Giants with shoulders

"I've learned that people will forget what you said; people will forget what you did, but people will never forget how you made them feel." - Maya Angelou While in Oslo for the weekend with Ingeborg, I made a point of visiting some museums. I've already told you about the Munch Museum. The following day, I headed to the Fram and Kon-Tiki Museums, both located at what is called Bygdøynes, a peninsula west of the city center. Me aboard the Fram . Photographed by me at the Fram Museum, Oslo, 2014. The  Fram  is a polar research vessel which was used in three famous expeditions: first, it was captained by Fridtjof Nansen and allowed to freeze up in sea-ice with the hopes of finding the North Pole; second, it was used to explore around Greenland; and third, it transported Amundsen and his crew to Antarctica for their legendary race to the South Pole. I find it astounding that this ship is still intact. I didn't realize before I got there, but the Fram Museum

True innovation

"The aim of art is to represent not the outward appearance of things, but their inward significance." - Aristotle We stepped from the bright lobby into the dimly-lit auditorium. Why are there couches on the stage? I thought to myself. I was surrounded by a group of Norwegian women, all of whom seemed to know what they were doing more than I did, so I followed them down to the stage. Beside me, a dreadlocked, bearded 20-something in a vintage sweater settled emphatically into the cushions. Alright, then, I thought,  couch concert it is.  As it turns out, there were also yoga mats available for those who wished to lay on the floor. The audience surrounded the performers on all sides, and the performing duo faced each other as they played. It was quite a unique combination of instruments - violin and saxophone, plus a brass bowl hit with a mallet, a finger harp from Ethiopia, and plenty of singing. You're probably imagining something abstract, grotesque, and tribal r


"The true artist only ever depicts himself." - the movie Stealing Beauty Ingeborg and I went to see the Munch Museum in Oslo. If you're not familiar with Edvard Munch's name, I'm sure you've seen his most famous work, The Scream, or one of countless allusions to the painting. The central figure, with his mouth agape and hands on the side of his face, has become unbelievably ingrained in popular culture.   I remember learning in Modern Art class in college that the intense agony Munch expressed through The Scream was influenced by the long hours of darkness during a Scandinavian winter. We were told that darkness leads to Seasonal Affective Disorder, cultural pessimism, and dark, tortured, art. While I have no trouble accepting this view, I wondered if any Scandinavian artist was ever inspired by the long hours of light in the summer. There's just as much light in Scandinavia as anywhere else in the world; it's just unevenly distributed thr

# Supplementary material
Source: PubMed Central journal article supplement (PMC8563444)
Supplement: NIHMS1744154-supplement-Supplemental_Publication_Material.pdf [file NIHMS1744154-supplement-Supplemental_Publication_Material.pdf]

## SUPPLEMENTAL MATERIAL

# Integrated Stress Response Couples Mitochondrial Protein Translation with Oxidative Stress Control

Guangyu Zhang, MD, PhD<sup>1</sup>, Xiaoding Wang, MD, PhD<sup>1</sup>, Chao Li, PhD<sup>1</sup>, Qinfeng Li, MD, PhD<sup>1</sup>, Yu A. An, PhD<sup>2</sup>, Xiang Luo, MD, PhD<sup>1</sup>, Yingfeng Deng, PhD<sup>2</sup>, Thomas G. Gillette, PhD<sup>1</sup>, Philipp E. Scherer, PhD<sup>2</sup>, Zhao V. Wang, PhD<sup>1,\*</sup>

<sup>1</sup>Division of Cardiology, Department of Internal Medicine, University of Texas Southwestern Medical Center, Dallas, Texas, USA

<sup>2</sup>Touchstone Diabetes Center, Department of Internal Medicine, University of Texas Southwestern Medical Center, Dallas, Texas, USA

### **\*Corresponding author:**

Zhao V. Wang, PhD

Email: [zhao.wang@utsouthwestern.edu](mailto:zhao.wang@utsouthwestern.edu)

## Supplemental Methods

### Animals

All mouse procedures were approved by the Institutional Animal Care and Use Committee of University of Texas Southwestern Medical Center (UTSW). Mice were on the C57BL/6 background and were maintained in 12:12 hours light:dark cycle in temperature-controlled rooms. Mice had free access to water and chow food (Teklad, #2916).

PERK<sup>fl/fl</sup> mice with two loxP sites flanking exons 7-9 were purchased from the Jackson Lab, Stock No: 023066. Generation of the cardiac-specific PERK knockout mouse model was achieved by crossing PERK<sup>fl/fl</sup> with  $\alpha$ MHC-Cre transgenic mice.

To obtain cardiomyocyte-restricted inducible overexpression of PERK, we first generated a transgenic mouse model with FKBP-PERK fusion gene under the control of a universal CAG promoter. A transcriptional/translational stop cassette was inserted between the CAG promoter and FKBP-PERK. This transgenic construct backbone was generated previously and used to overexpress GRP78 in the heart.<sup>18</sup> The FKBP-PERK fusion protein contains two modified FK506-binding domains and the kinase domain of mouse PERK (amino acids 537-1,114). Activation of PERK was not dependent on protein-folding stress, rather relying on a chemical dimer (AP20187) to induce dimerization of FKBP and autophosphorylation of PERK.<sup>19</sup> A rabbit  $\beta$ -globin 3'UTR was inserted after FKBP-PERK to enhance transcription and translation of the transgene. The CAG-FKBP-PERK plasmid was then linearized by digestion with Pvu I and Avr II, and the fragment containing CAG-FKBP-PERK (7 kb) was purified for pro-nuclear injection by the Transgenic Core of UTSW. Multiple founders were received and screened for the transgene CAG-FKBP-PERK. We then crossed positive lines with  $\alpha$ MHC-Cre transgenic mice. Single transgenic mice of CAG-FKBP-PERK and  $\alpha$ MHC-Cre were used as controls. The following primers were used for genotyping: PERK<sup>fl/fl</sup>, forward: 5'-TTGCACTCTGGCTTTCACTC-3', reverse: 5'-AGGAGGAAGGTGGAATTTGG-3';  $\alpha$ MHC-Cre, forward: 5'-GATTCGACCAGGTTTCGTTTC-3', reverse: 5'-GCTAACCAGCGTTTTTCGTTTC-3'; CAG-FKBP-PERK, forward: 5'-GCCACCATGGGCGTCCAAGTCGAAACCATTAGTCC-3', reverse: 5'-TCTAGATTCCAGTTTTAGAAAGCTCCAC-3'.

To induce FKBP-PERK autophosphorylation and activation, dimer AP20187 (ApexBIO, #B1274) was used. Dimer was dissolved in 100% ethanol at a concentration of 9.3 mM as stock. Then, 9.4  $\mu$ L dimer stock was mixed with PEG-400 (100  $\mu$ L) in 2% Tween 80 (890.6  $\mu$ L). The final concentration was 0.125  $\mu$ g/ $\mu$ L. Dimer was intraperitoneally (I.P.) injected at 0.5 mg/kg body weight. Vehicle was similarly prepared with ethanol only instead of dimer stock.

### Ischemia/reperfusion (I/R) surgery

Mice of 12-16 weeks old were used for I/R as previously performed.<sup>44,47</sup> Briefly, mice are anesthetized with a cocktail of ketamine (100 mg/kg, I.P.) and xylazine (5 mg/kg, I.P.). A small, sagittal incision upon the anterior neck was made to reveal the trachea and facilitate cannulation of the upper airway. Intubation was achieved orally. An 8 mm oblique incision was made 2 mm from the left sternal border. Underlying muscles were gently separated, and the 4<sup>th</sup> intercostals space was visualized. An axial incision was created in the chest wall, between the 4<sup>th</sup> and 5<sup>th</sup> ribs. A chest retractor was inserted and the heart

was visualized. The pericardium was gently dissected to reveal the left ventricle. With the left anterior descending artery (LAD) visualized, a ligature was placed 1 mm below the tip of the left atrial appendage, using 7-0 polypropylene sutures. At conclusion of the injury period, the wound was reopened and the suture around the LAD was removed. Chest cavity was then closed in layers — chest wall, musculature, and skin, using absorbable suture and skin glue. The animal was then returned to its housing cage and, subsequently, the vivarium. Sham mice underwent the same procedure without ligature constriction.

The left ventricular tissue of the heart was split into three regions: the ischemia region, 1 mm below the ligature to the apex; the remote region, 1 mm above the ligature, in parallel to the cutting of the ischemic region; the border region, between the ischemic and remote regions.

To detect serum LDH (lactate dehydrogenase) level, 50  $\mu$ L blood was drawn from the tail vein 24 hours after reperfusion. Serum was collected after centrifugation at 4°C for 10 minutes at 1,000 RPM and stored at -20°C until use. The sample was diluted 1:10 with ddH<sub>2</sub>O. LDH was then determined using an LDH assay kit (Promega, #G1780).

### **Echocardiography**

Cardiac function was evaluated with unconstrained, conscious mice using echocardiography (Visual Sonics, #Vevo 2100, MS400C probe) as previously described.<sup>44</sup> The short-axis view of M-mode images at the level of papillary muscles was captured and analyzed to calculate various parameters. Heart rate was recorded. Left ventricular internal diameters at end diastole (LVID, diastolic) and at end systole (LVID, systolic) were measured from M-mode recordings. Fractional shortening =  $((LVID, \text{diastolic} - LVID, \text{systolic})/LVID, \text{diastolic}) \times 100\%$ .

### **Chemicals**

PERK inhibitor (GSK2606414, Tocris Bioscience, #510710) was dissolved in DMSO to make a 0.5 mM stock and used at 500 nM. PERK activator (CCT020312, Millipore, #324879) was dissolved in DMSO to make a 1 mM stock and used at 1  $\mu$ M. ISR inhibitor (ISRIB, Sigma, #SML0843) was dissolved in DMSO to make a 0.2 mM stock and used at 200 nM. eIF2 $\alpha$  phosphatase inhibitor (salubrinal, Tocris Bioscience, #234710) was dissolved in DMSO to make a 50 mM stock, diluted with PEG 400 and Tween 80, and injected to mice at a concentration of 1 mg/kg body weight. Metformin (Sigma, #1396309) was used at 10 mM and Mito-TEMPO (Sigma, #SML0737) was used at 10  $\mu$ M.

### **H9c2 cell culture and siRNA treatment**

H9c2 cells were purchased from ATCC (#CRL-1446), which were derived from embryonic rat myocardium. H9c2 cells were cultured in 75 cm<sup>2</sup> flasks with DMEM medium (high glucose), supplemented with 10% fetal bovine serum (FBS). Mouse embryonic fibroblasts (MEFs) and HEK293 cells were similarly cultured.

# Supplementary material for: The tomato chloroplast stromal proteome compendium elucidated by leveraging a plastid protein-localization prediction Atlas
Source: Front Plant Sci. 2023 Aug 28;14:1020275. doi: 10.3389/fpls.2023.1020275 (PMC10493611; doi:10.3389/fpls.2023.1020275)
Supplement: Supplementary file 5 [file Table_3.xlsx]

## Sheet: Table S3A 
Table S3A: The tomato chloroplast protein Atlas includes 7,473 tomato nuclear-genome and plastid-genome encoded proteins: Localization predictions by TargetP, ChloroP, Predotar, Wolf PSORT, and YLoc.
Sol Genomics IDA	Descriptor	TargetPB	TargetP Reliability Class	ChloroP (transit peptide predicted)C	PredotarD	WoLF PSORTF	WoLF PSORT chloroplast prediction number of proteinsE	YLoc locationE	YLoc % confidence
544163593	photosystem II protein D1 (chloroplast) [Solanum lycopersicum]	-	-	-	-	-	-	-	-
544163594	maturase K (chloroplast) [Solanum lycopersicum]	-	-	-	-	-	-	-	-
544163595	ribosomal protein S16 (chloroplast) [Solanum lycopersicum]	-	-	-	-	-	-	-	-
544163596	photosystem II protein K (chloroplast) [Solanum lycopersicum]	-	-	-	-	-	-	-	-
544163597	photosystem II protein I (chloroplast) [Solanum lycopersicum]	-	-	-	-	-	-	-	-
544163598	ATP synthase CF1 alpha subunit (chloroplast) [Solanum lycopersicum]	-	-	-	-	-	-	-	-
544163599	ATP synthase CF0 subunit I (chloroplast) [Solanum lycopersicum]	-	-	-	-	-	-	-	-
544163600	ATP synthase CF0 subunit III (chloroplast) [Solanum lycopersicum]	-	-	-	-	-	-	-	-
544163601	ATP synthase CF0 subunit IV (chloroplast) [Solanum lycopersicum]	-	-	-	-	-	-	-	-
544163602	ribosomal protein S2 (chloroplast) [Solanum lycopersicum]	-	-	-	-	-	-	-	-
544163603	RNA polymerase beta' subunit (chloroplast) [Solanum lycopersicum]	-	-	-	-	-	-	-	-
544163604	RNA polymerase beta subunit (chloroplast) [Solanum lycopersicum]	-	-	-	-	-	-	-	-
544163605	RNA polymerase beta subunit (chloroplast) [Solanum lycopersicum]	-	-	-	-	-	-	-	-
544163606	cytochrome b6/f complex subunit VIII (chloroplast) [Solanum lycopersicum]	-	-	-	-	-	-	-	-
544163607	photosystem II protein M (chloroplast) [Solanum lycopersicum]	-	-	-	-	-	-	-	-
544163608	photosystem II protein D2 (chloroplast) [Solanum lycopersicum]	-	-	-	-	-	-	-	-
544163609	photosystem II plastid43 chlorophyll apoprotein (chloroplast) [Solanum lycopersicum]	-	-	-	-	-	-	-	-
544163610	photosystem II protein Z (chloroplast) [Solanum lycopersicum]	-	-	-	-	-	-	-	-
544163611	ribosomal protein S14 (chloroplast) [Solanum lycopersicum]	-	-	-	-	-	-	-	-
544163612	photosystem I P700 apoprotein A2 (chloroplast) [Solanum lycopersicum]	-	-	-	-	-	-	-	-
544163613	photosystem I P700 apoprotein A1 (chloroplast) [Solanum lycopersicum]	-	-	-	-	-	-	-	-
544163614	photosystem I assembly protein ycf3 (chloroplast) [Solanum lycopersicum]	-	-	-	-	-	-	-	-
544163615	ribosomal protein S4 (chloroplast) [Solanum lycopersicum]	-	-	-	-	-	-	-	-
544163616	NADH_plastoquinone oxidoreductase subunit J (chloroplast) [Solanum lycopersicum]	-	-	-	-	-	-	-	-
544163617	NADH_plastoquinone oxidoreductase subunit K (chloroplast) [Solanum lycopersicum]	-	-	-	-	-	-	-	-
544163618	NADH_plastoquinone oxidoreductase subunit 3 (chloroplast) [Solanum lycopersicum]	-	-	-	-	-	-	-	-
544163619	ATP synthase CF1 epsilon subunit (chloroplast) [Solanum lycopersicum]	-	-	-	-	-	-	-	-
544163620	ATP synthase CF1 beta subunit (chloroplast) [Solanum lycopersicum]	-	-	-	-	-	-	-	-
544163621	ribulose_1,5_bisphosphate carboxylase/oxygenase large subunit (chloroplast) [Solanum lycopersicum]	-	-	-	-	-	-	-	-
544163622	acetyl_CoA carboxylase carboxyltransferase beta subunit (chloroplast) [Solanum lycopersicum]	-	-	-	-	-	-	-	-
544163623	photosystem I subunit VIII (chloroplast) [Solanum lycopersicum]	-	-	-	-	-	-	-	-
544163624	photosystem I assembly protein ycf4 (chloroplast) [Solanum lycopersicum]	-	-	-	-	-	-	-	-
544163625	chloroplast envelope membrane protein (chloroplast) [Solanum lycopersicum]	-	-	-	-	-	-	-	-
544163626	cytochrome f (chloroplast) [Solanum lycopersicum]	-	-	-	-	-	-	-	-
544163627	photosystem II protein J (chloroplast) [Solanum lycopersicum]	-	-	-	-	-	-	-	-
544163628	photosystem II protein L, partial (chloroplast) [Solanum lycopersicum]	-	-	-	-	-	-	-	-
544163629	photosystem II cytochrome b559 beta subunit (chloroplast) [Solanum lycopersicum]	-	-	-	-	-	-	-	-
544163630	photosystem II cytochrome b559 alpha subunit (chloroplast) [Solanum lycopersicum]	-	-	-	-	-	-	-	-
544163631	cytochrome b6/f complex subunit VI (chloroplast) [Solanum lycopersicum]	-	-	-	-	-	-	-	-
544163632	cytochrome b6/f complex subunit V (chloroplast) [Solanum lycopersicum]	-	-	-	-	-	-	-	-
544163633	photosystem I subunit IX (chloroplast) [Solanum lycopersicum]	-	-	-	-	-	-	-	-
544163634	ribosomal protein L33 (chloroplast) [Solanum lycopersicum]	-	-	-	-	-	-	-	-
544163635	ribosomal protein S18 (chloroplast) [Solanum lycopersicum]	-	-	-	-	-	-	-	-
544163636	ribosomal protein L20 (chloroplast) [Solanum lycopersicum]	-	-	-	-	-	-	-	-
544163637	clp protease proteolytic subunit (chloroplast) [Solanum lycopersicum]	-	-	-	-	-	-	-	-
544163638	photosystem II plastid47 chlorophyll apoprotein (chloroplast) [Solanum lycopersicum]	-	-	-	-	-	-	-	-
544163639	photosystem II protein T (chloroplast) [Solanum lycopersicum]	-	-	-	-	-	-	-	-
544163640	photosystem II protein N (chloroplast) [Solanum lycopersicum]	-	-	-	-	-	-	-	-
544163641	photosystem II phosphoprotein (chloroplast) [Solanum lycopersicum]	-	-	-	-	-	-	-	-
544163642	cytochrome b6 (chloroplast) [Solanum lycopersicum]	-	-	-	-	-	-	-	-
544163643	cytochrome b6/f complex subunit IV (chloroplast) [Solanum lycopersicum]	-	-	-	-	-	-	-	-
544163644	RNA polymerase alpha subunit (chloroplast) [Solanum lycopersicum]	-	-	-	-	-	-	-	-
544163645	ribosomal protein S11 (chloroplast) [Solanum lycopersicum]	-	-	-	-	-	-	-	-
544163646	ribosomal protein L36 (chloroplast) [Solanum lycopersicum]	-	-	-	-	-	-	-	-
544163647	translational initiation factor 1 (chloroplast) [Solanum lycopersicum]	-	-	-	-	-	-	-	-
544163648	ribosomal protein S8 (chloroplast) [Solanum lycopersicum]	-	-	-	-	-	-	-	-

Seen around town

The Norwegian Royal Palace in Oslo The sight-seeing part of my weekend began with a walk from Ingeborg's mom's apartment to the royal palace. We stopped in at various shops to look around, then headed to Slottsparken (Palace Park). When we approached the royal palace, Ingeborg had to point it out to me because I otherwise wouldn't have recognized it as a house of royalty. It was quite an unassuming building - plain, even - and it occurred to me that I've seen museums more conspicuous and lavishly decorated. Ingeborg explained that since Norway was ruled by Denmark for so many years and afterwards unified with Sweden, the royal family of Norway is not nearly as rich as some other monarchies. Today, they live so much like normal people, she said, that she didn't see a real point in maintaining the monarchy. I have to admit that I agree. Henrik Ibsen's signature outside the Ibsen Museum in Oslo Later in the day, we passed the Ibsen Museum, located in t


One of the things that traveling abroad has changed about me is that I am now very comfortable being a guest. It started when I lived in Germany, because I was constantly being invited to friends' homes. In fact, part of my strategy to see the country was making friends with people who had grown up in interesting places and then hoping they would invite me to their hometown. The plan worked splendidly. I think the key to being a good guest is openness. I've gradually become comfortable in a variety of arrangements, whether I'm sleeping on the floor or a queen bed in the guest room. There's a delicate balance to be found whereby I accept my hosts' offers without being greedy, participate in a conversation without being either domineering or too shy, and remain comfortably myself while taking part in the lives of those around me. It would be inaccurate to say I always find this balance, but I'm definitely much closer than I was in 2011. This weekend, my friend